Common Sense Review
Updated October 2012


Sim does a good job helping teens avoid hurtful social media pitfalls
Common Sense Rating 4
  • BeSeen takes students through a school year-long social media experience as a student at North Central High School.
  • Students respond to action posts, marked with a red explanation point.
  • Making smart choices about what to post or respond earns kids new friends and opportunities.
  • As kids move through the simulation, they can earn rewards for completing tasks.
This well-researched and thoughtful tool could be a hit in the classroom, where kids can learn from sharing their experiences and discussing examples.
Wording is a bit cheesy and out-of-touch, and students might feel the mock school year drags a bit.
Bottom Line
High school students need help with online behavior, and interactive sim BeSeen teaches them the do's an don'ts.
Amanda Bindel
Common Sense Reviewer
Classroom teacher
Common Sense Rating 4
Engagement Is the product stimulating, entertaining, and engrossing? Will kids want to return? 3

BeSeen does a decent job of capturing the universe of high school, and the challenges are nuanced and require thoughtful interaction. Still, kids may feel put off by the clunky menus and cheesy language.

Pedagogy Is learning content seamlessly baked-in, and do kids build conceptual understanding? Is the product adaptable and empowering? Will skills transfer? 4

The short-term and long-term impacts of online sharing get addressed, so kids can learn to make responsible choices in the moment. They get feedback and guidance both ways.

Support Does the product take into account learners of varying abilities, skill levels, and learning styles? Does it address both struggling and advanced students? 3

The developer's Web Wise Kids website offers resources for parents and teachers, including a classroom guide with lesson plans, learning objectives, and discussion prompts.


About our ratings and privacy evaluation.
How Can Teachers Use It?

With support from teachers and parents, BeSeen has a lot of potential to teach high schoolers how to navigate tricky social media situations. The Web Wise Kids website includes many thoughtful resources for teachers and parents, including a classroom guide with learning objectives and discussion prompts that includes five lesson plans. The whole "school year" takes about two hours to play through, so teachers could easily design an eye-opening, week-long unit likely to include some lively discussions.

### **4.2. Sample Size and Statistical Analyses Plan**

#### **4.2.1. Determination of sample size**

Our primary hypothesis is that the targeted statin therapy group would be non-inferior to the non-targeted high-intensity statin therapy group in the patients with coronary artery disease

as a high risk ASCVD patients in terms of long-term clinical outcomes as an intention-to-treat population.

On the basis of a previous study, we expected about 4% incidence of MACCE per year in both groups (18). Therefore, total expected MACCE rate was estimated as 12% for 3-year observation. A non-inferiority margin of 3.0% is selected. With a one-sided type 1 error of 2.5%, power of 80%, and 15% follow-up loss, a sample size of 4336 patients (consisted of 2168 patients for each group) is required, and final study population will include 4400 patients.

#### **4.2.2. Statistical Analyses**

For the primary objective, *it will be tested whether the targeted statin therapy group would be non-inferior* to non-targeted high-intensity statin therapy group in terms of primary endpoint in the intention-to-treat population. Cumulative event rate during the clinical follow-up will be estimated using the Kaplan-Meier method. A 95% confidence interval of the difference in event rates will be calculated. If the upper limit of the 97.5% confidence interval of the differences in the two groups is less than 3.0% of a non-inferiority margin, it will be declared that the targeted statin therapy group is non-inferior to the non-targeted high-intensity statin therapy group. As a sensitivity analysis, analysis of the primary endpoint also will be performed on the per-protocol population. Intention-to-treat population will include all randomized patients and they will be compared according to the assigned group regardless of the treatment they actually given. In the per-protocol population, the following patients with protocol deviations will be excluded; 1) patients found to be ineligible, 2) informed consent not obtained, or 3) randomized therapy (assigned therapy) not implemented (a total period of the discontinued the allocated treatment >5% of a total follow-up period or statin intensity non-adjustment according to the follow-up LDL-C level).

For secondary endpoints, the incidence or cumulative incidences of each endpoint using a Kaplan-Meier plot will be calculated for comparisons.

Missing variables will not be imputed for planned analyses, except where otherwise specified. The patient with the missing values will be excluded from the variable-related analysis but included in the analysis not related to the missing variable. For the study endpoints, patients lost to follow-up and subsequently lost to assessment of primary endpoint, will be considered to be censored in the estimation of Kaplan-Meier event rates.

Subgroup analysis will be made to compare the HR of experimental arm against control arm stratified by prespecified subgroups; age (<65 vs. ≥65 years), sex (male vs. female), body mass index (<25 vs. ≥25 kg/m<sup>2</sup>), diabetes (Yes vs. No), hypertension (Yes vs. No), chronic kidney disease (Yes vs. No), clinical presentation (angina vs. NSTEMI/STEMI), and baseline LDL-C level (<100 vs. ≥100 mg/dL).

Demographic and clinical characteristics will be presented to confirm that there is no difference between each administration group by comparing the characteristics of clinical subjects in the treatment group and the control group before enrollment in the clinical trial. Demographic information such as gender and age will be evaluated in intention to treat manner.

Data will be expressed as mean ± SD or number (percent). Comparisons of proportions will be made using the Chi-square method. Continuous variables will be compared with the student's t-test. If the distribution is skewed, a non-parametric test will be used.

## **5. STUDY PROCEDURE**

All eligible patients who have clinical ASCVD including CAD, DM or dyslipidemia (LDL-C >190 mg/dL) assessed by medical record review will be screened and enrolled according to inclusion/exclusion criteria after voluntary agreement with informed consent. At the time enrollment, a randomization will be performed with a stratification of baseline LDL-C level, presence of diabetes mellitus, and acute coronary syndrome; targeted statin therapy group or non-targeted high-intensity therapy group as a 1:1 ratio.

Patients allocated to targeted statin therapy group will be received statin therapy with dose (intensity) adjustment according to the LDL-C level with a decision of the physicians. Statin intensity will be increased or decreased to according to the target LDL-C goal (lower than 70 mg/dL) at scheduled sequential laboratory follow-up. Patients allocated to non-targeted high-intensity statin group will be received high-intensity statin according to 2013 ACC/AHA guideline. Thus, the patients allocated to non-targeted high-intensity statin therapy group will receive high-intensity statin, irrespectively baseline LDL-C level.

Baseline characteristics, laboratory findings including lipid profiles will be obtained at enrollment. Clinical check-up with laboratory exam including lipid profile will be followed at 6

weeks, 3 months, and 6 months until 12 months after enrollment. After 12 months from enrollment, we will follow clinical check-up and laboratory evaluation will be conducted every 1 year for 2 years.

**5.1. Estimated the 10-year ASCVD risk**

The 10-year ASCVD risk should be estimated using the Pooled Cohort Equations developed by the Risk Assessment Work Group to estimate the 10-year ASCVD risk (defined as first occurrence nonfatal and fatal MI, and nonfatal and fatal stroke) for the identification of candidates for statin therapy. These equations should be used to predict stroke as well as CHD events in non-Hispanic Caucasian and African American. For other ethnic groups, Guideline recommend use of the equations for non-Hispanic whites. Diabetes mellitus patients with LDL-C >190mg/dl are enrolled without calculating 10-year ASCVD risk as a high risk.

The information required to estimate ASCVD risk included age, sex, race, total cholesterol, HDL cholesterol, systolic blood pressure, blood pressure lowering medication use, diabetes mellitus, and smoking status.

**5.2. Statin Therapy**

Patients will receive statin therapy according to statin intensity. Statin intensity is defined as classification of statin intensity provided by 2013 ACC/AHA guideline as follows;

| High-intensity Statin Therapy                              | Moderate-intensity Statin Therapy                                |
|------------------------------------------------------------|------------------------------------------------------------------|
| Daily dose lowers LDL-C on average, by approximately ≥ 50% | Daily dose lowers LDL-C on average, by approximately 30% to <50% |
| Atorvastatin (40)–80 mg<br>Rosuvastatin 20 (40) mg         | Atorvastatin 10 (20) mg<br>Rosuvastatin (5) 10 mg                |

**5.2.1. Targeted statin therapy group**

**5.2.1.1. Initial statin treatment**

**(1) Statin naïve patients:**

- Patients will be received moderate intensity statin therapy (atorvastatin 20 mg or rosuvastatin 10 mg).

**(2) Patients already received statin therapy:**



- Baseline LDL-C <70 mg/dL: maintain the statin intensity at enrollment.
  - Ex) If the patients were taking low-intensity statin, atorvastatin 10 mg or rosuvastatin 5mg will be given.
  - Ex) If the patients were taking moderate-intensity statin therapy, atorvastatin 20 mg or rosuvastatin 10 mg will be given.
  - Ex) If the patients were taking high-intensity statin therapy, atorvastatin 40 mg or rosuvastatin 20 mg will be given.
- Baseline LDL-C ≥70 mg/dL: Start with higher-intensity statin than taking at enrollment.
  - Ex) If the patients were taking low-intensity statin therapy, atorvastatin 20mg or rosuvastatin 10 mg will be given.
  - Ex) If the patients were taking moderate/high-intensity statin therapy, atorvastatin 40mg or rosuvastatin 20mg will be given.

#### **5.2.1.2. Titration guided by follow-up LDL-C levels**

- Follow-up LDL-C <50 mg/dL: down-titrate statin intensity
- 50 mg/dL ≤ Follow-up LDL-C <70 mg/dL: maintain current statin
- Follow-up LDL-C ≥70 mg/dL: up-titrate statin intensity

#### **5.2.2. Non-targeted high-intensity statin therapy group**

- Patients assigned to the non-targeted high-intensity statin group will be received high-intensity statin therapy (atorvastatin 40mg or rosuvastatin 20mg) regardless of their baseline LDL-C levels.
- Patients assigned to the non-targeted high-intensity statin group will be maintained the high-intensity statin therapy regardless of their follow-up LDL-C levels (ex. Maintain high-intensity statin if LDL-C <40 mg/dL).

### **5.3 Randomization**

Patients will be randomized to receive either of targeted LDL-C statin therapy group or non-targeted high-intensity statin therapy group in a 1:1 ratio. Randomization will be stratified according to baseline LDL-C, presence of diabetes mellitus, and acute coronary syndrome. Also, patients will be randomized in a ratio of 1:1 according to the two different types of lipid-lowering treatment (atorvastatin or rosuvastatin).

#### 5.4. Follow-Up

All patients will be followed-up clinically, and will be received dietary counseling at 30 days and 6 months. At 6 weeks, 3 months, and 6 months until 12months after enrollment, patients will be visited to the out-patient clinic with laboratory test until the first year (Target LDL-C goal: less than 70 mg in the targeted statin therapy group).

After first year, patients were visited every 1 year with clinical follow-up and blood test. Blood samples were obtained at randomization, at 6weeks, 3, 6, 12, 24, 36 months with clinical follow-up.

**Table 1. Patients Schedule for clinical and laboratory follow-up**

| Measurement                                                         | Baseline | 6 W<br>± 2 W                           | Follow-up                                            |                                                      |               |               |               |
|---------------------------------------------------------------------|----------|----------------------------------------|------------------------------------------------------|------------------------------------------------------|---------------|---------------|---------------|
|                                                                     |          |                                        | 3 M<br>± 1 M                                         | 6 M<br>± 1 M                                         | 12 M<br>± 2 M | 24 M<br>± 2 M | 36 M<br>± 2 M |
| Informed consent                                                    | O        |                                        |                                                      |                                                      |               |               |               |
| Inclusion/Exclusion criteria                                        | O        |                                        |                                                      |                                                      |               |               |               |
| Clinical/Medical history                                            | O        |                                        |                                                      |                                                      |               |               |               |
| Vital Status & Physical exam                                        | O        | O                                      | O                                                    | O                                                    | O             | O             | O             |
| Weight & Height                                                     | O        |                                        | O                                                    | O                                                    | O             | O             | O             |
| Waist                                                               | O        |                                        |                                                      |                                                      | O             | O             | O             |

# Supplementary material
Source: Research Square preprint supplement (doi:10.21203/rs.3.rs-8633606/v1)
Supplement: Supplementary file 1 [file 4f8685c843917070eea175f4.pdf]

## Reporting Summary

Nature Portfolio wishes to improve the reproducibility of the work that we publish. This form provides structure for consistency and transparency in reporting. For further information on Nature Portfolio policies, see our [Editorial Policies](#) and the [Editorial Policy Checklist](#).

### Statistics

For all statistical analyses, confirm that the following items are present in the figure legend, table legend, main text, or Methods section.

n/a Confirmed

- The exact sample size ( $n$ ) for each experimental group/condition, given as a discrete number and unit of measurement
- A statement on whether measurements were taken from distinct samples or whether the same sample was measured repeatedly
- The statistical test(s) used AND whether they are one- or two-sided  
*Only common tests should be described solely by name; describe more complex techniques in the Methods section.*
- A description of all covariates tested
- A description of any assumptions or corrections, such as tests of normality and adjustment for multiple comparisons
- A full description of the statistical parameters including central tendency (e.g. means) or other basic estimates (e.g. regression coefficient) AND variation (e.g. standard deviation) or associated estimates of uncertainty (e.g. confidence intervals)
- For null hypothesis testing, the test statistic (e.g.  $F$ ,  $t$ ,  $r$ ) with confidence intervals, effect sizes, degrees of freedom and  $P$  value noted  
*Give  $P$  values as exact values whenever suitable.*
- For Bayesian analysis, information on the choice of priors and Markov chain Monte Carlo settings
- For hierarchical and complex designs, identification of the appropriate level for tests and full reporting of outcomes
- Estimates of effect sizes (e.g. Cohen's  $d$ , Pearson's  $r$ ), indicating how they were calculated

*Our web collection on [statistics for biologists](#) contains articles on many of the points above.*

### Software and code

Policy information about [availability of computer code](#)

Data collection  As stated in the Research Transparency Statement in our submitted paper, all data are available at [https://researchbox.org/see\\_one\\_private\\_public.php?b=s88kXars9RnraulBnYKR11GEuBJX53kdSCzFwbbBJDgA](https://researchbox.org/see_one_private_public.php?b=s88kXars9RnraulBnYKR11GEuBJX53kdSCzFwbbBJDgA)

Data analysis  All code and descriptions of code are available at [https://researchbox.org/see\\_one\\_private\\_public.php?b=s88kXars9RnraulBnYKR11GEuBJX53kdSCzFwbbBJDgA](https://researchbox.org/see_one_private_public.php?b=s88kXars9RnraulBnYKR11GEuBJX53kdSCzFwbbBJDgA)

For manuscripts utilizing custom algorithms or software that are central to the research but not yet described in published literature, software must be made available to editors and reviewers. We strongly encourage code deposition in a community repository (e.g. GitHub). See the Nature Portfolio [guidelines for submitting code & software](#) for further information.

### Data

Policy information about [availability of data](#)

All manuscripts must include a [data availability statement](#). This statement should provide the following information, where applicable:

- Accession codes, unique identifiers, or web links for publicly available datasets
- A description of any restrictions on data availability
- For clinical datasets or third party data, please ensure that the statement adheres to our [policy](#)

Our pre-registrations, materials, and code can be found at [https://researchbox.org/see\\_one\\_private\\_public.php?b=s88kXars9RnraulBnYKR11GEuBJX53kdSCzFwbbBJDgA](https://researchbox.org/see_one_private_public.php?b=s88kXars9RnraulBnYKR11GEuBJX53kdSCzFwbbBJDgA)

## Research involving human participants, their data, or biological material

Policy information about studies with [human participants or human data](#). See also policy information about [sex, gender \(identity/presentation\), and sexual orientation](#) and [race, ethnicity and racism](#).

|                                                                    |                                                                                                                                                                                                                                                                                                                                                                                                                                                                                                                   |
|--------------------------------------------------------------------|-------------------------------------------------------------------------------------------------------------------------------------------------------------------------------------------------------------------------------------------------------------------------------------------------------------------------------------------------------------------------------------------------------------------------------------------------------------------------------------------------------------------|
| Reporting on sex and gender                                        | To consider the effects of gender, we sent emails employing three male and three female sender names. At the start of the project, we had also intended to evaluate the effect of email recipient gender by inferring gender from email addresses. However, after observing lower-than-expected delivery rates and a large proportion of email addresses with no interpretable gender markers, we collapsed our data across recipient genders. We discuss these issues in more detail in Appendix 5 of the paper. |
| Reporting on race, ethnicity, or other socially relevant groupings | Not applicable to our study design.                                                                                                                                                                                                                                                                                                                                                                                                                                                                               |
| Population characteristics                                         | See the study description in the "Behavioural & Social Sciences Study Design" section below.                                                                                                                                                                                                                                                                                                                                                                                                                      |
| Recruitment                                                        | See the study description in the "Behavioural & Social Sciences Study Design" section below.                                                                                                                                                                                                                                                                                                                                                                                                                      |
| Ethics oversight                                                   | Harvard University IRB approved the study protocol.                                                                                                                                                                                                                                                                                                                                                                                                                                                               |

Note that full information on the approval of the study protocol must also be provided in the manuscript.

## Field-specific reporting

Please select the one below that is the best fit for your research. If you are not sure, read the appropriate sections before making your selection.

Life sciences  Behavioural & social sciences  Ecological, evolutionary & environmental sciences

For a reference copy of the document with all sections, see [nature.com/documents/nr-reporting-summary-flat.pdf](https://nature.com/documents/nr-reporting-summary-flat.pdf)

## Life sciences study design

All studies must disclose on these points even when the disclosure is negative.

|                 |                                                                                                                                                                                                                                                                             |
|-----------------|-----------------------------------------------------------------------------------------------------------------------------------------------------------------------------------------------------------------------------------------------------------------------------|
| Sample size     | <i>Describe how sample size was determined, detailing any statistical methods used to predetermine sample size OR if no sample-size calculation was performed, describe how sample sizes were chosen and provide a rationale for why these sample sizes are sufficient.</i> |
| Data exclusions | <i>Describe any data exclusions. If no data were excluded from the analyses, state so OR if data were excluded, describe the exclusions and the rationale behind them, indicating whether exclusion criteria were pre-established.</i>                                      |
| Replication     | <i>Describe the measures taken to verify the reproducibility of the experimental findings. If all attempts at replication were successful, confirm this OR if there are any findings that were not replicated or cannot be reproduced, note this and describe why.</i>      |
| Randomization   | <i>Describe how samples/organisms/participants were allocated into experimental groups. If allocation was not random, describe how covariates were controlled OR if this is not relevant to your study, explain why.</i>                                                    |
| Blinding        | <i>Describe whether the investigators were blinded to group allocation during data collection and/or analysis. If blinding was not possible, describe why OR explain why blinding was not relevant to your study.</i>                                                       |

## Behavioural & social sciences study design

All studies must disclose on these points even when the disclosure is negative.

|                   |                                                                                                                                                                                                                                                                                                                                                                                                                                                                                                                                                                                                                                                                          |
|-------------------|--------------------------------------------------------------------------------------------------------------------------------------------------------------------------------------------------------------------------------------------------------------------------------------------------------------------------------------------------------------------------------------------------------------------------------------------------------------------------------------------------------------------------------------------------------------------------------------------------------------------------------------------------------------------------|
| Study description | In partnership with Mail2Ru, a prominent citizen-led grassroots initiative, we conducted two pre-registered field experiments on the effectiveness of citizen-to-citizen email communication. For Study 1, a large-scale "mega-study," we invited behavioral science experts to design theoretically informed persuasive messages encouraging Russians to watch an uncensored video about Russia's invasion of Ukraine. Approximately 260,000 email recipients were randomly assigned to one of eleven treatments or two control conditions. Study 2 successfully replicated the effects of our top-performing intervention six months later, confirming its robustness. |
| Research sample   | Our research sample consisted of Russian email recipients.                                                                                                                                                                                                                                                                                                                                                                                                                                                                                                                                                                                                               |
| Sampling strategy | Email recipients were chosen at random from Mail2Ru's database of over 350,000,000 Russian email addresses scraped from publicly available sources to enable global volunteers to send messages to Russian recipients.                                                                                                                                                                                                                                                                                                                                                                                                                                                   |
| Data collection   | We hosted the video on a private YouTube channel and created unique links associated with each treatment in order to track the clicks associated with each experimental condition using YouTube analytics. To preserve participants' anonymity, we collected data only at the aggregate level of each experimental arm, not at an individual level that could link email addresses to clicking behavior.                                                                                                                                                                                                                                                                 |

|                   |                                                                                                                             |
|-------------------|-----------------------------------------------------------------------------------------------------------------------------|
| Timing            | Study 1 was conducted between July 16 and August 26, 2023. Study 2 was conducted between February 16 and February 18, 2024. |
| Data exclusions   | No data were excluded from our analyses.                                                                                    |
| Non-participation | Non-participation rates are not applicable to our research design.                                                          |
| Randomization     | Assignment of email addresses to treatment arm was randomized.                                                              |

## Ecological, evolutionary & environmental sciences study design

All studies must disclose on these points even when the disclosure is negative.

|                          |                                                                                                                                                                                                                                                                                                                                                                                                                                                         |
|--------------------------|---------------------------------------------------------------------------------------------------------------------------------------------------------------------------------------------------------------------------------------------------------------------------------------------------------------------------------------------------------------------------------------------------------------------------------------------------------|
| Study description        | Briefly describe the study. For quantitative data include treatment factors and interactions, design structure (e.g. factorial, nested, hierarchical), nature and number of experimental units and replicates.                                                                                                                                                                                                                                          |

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What's It Like?

BeSeen from Carnegie Mellon University and Web Wise Kids, teaches students how to keep things copacetic online. Facebook and Twitter are universal, and these and other social media sites often beget conflict. The challenges of how to respond to a friend's post, for example, can be nuanced, and one simulation allows students to understand the short- and long-term impacts of their choices.

In this simulation of a social network, students choose an avatar and set up a profile with some basic information. They then choose from three degrees of online safety and responsibility. Menu options include dashboard, profile, friends list, inbox, awards, and a game. On the dashboard, kids are prompted to interact with friends by updating their status, commenting on a friend's status, or responding to a message.

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Is It Good For Learning?

Students are encouraged to reflect on the choices they make when interacting in a social network and are rewarded with new friends, positive feedback, and awards for making safe and responsible choices. When they make unsafe or risky choices, the characters (including "Mom") provide guidance and feedback to show the undesired consequences.

Simulations do a decent job of capturing the personalities and drama of high school, with diverse characters and interests. Still, students may feel that the clunky menus and cheesy language condescend to them, or that the characters are a bit stereotyped. A few terms are conflated, such as sexting being described as "online sharing," which seems out of touch. The unchallenging and distracting puzzle game might seem a bit childish.

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See how teachers are using BeSeen